Feb 1 2011

Bokeh no. 1: the definition

The term “bokeh” (pronounced /bɒkɛ) comes from the Japanese word boke (暈け or ボケ), which means “blur” or “haze”, or boke-aji (ボケ味), the “blur quality”.
In photography, bokeh is the blur, or the aesthetic quality of the blur, in out-of-focus areas of an image, or “the way the lens renders out-of-focus points of light.”

Jun 16 2010

Two little known facts about Maine Coons

1) they like to pose in high-key settings.
2) they like to eat potato crisps in unusual ways

Apr 21 2010

the death of a cyclist and the birth of a bike

On January 2nd, 1960 the legendary Italian cyclist Fausto Coppi died, age 40. From 1940 to 1954 he earned the title of “Il Campionissimo” or Champion of Champions. His victories included the Giro d’Italia, the Tour the France and the notorious Paris-Roubaix race.

To commemorate Coppi’s 50th year of death a special theme bike is build, which will participate in this years’ amateur edition of the Paris-Roubaix race.

the bike’s creator can be found here

Feb 7 2010

The final race

A small registration of the very last race at Col Du Darc. Very soon it will be permanently closed to make room for luxurious apartments starting at $1,000,000.

Aug 11 2009

Lost marbles

to loose ones marbles: to go grazy.

it must have been a child who came up with this expression after loosing his marbles in a game of marbles (or better, it was his opponent who came up with it). I played marbles a lot and lost lots of them. There’s basically three type of kids:

  1. The one that came to school with a certain amount of marbles. He/she would play marbles all day and return home with the exact same amount of marbles.
  2. The one that came to school with no marbles at all, borrowed one marble and returned home with almost all the marbles present at the schools playground that day.
  3. The one that came to school with lots of marbles and returned with none.

I had a tendency to be a type 3 marble player. Please don’t feel sorry for me, I still have lots of marbles.


Aug 2 2009

Bisogno cambiá qualcossa de drio!

translation from Italian: ‘Something must change in the rear’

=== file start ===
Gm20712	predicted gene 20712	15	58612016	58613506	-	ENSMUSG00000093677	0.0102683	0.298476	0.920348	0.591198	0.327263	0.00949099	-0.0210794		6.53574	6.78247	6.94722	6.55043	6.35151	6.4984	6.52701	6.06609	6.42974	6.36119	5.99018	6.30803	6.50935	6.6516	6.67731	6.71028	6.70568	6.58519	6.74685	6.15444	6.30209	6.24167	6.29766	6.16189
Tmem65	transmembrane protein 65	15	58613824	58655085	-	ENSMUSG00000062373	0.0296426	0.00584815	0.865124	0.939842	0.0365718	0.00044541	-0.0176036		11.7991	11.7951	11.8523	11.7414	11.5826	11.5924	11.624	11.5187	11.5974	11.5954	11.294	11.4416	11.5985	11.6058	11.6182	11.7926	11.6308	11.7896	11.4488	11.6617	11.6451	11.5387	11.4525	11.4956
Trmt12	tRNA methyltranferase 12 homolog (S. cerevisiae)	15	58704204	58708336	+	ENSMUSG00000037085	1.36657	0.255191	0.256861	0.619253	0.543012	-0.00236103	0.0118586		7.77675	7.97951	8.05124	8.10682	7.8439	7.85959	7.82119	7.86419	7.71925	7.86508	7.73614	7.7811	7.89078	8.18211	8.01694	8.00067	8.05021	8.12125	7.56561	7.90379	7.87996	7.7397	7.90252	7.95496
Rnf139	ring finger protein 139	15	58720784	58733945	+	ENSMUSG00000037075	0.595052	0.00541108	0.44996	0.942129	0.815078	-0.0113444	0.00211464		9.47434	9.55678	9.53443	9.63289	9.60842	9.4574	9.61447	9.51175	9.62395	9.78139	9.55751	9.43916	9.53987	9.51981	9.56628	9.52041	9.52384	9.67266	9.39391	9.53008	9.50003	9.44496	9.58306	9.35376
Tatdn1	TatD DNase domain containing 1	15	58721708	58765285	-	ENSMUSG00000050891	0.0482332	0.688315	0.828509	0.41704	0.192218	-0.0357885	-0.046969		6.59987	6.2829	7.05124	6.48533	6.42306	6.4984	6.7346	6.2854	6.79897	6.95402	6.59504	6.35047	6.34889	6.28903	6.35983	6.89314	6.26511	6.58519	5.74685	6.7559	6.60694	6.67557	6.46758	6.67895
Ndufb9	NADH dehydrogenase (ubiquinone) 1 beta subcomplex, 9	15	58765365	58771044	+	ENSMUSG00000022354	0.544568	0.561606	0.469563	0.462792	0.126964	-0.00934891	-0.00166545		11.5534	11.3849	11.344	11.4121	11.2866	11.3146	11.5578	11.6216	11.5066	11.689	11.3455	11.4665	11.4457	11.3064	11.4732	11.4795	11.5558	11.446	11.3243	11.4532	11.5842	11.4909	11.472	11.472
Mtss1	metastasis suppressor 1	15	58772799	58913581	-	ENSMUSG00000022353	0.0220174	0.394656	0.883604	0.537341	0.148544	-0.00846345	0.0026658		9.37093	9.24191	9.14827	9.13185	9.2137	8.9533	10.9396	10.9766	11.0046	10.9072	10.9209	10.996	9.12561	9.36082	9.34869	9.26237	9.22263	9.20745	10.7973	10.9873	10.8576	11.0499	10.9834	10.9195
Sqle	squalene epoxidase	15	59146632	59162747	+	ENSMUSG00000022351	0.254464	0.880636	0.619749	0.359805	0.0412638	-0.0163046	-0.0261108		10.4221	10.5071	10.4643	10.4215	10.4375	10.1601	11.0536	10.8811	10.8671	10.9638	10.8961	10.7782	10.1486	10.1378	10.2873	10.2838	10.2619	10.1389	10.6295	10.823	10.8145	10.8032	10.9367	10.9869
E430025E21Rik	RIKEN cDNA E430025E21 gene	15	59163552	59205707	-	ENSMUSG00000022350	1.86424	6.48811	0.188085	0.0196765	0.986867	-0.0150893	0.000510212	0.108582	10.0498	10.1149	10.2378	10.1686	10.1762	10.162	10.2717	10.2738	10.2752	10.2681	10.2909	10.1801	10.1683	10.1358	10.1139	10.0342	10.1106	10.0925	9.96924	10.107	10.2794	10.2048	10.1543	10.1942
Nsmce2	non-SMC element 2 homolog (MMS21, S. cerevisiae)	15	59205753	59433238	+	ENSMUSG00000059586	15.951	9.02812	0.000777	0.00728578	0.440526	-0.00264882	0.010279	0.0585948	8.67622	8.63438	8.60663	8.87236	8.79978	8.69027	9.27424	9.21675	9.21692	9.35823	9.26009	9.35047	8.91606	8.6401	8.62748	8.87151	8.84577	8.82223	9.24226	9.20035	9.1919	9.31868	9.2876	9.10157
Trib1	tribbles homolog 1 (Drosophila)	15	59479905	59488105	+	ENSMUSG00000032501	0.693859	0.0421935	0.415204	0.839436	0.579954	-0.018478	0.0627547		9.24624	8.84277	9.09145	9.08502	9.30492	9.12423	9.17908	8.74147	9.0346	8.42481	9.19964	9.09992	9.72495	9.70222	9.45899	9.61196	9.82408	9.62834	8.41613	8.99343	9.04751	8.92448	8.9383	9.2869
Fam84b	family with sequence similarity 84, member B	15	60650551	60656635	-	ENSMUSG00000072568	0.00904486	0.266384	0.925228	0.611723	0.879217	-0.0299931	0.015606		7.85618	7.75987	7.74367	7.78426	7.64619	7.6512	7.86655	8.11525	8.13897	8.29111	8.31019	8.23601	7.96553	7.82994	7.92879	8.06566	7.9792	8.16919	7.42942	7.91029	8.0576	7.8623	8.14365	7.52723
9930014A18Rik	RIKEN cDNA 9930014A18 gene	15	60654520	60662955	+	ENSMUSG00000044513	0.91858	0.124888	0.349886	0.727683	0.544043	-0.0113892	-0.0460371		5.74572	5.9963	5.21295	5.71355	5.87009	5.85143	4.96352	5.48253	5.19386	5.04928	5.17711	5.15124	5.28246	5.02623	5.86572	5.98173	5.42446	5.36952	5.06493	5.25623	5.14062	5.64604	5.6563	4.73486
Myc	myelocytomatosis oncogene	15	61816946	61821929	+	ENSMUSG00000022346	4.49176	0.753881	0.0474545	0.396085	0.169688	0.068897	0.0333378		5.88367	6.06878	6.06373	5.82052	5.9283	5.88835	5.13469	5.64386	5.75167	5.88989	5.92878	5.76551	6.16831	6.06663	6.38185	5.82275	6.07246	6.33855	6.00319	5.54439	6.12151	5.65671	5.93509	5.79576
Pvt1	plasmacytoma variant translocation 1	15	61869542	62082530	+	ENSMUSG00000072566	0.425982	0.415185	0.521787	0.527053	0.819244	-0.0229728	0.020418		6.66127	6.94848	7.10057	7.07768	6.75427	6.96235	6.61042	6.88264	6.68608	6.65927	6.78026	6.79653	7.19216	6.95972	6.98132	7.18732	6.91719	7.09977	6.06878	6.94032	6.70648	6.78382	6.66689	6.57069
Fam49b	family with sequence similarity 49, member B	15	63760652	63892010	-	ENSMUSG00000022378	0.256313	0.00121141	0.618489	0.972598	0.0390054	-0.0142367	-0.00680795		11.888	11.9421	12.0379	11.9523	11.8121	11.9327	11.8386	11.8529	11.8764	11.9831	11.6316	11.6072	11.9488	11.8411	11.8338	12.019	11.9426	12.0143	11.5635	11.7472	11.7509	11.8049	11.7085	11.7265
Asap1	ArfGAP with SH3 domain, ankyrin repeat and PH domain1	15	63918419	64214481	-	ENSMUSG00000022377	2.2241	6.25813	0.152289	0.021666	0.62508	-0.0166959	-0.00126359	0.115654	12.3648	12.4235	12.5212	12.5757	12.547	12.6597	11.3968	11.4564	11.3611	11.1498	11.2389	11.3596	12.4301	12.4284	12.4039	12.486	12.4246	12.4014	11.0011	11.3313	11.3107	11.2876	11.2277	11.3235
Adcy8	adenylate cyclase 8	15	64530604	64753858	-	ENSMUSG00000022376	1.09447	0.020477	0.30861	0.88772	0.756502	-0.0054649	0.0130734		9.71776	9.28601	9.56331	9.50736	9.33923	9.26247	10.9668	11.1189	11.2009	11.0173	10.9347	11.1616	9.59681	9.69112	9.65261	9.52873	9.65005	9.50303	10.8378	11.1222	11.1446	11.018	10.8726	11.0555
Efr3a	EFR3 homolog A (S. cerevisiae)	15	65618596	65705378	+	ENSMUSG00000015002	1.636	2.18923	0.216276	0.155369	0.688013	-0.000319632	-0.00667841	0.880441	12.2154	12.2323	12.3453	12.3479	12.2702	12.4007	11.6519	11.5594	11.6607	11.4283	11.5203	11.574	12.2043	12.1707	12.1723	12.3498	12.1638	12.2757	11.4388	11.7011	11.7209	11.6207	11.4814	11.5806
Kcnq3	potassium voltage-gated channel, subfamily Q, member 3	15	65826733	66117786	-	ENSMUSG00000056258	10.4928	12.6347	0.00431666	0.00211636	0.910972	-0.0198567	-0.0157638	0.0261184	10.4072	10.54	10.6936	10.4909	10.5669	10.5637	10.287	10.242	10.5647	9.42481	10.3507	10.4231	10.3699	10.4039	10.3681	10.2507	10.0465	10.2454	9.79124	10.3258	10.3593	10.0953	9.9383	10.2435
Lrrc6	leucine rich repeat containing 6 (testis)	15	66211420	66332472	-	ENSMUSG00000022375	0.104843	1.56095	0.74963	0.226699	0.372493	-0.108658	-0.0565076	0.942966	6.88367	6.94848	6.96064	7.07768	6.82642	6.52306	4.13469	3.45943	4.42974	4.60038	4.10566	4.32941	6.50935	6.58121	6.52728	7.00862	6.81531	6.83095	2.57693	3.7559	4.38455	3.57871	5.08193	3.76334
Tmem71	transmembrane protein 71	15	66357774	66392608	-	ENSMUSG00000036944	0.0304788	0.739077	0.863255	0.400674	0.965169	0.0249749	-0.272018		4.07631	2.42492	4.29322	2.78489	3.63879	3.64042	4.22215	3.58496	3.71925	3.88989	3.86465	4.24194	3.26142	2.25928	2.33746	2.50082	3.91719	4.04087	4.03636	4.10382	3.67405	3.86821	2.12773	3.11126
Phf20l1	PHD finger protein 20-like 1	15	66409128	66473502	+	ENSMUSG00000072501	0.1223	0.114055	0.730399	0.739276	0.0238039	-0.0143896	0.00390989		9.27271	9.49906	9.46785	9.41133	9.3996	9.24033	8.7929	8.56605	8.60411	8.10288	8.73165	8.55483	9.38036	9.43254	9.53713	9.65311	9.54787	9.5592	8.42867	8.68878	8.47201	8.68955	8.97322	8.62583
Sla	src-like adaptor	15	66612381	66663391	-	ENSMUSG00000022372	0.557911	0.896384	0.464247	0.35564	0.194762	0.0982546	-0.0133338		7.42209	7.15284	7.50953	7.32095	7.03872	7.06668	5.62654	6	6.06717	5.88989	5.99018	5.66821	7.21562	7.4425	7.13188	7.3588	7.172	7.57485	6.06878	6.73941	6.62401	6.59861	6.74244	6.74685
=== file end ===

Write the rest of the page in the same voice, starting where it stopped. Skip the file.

In the old days, racing bicycles usually had two gears which consisted of two cogwheels of different size, situated on each side of the rear wheel. Changing gears therefore meant that you had to take out the rear wheel, turn it and put it back in so that the chain would now run over the other cogwheel. In this way you created a different ratio between the front cogwheel and the rear one, thus making cycling lighter (going up the mountain) or heavier (going down the mountain).

Another problem with this construction (and I hope you can see the first one) was this: the wheels were thightened with large wingnuts which had to be loosened in order to change the wheel (and therefore the gear). This leads to another problem, especially on a cold day in the Italian Dolomites. When the wingnuts are frozen, chances are that your fingers are frozen as well. This makes loosening the wingnuts rather difficult, if not impossible. This is what happened to Tulio Campagnolo on the 11th of November, 1927 during a race in the Dolomites and apparently, while trying to change gears he muttered the words “Bisogno cambiá qualcossa de drio!”… Something has to change in the rear.

First, he tackled the wingnut problem by designing the worlds’ first quick release lever. Not long after that, he came up with the very first derailleur, which enables a cyclist to change gears without changing the wheel (the quick release lever is still very handy in case of a flat tyre though).

So, in short…by changing stuff in the rear, Campagnolo was the one who lay the foundations of the modern racing bicycle.


Jul 3 2009

Boys and their toys

Boys and their toys

Jan 23 2009

Cutting edge

Cutting Edge

Jun 6 2006

Where there is smoke